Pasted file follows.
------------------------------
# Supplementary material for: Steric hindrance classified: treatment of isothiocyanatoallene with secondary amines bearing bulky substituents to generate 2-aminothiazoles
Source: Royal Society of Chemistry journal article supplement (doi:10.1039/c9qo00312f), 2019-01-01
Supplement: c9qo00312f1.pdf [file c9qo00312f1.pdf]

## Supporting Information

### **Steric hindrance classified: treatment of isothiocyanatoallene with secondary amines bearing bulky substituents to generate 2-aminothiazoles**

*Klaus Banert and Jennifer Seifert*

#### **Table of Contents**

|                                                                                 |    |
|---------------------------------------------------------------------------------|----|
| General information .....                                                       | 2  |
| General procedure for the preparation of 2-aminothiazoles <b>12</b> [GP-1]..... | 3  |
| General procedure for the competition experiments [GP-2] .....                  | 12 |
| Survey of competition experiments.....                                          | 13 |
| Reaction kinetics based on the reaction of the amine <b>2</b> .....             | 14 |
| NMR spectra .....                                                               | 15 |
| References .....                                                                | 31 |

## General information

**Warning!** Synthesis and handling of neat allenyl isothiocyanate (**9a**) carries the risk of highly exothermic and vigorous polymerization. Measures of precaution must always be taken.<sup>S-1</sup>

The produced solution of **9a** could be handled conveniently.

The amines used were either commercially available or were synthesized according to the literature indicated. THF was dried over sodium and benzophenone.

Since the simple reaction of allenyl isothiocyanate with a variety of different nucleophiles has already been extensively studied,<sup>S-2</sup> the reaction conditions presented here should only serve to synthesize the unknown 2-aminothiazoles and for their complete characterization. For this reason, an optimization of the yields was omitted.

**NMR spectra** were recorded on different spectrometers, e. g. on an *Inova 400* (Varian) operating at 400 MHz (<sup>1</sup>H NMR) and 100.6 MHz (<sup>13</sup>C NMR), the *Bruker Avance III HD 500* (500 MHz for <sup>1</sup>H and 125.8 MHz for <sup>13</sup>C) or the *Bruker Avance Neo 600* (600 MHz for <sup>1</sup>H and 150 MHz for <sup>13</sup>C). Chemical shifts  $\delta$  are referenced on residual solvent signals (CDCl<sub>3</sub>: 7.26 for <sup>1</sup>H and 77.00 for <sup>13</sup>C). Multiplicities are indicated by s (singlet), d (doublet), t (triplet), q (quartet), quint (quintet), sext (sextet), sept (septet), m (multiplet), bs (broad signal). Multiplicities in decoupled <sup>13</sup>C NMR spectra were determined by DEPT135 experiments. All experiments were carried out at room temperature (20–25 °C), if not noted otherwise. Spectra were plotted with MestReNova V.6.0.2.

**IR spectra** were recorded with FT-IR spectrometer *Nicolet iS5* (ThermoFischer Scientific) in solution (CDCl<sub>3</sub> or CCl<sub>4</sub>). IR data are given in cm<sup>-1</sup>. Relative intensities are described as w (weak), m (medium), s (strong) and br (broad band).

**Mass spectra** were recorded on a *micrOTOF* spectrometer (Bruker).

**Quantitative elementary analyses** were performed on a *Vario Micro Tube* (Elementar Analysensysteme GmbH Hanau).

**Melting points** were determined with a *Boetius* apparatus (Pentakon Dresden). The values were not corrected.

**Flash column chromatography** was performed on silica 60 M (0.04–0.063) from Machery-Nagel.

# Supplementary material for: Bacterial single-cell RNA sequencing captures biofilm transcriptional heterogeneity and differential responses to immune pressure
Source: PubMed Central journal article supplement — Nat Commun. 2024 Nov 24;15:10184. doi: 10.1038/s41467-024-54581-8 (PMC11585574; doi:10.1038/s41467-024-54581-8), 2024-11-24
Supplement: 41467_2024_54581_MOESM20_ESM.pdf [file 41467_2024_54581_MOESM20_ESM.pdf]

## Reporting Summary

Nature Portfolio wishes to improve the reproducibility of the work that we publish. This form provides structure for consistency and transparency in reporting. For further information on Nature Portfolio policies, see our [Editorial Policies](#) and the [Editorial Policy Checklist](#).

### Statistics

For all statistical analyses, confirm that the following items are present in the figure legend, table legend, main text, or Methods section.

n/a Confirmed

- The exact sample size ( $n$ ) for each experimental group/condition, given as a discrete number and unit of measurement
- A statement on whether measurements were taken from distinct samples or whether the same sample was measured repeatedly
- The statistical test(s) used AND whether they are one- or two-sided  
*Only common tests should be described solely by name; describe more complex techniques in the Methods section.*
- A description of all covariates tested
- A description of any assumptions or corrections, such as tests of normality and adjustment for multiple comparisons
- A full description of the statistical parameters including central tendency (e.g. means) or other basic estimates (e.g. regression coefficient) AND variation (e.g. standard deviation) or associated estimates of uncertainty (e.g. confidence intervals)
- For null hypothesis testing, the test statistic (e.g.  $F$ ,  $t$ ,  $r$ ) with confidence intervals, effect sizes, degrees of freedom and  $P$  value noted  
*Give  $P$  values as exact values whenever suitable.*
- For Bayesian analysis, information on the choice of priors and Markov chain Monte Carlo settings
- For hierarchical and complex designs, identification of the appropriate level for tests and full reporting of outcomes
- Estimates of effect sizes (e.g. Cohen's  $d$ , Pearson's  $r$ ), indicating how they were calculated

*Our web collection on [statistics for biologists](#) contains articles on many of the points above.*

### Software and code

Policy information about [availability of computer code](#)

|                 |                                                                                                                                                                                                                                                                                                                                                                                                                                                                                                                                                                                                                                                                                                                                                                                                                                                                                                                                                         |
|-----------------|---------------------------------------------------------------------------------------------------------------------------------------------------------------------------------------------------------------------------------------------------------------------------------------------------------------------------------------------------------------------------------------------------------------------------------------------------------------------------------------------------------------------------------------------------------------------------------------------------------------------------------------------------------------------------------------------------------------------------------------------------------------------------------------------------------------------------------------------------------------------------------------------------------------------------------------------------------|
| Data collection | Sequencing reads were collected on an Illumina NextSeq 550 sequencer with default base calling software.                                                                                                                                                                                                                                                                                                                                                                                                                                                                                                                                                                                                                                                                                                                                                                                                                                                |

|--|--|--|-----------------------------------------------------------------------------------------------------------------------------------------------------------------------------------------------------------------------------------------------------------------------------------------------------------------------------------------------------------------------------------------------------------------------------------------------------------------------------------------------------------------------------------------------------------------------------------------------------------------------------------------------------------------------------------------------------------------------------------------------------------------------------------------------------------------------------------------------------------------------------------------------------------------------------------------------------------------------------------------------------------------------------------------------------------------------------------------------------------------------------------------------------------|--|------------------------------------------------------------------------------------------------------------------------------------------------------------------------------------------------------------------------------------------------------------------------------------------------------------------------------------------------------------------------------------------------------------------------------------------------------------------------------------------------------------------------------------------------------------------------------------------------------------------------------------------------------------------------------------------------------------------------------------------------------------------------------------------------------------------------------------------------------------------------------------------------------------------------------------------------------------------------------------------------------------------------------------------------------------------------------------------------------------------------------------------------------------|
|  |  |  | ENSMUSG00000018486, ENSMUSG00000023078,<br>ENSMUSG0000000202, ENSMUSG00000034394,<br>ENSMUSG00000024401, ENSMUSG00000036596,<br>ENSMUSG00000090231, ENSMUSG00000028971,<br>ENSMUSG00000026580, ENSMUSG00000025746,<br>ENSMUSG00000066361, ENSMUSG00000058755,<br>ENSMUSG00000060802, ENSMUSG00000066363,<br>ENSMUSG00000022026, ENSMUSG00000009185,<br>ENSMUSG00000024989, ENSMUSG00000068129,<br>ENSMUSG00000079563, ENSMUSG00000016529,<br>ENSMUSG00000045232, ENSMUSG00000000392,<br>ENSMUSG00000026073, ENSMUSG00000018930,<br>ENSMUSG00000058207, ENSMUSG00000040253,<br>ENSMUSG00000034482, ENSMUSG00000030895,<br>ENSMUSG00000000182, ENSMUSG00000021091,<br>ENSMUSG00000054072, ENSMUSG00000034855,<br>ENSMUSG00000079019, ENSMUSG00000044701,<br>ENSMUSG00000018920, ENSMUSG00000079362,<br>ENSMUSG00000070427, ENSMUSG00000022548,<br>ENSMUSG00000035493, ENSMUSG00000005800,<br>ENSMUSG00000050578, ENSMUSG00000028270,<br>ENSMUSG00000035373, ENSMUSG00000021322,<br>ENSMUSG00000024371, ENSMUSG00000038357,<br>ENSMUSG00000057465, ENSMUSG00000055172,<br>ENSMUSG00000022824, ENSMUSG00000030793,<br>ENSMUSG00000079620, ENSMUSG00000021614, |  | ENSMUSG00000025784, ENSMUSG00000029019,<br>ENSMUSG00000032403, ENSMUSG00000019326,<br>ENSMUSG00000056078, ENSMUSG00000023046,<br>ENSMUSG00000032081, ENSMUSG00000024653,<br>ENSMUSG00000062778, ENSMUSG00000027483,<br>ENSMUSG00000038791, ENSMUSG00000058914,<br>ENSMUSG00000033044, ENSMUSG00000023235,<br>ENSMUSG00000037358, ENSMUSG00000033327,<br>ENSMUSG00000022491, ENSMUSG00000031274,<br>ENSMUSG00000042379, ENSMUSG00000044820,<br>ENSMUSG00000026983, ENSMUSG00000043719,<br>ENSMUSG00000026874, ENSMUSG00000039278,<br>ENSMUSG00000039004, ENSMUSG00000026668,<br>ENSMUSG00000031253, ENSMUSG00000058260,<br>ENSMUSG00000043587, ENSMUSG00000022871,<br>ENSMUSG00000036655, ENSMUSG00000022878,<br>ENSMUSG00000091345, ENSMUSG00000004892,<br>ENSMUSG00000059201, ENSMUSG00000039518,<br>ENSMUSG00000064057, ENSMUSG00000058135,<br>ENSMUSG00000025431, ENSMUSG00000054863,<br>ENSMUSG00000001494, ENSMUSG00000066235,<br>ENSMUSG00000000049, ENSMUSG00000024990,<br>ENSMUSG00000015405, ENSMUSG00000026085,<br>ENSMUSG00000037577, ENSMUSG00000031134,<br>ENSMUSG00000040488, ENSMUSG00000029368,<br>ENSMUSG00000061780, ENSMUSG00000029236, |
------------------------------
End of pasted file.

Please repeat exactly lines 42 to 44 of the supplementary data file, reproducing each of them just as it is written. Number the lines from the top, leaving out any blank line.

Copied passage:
- A full description of the statistical parameters including central tendency (e.g. means) or other basic estimates (e.g. regression coefficient) AND variation (e.g. standard deviation) or associated estimates of uncertainty (e.g. confidence intervals)
- For null hypothesis testing, the test statistic (e.g.  $F$ ,  $t$ ,  $r$ ) with confidence intervals, effect sizes, degrees of freedom and  $P$  value noted  
*Give  $P$  values as exact values whenever suitable.*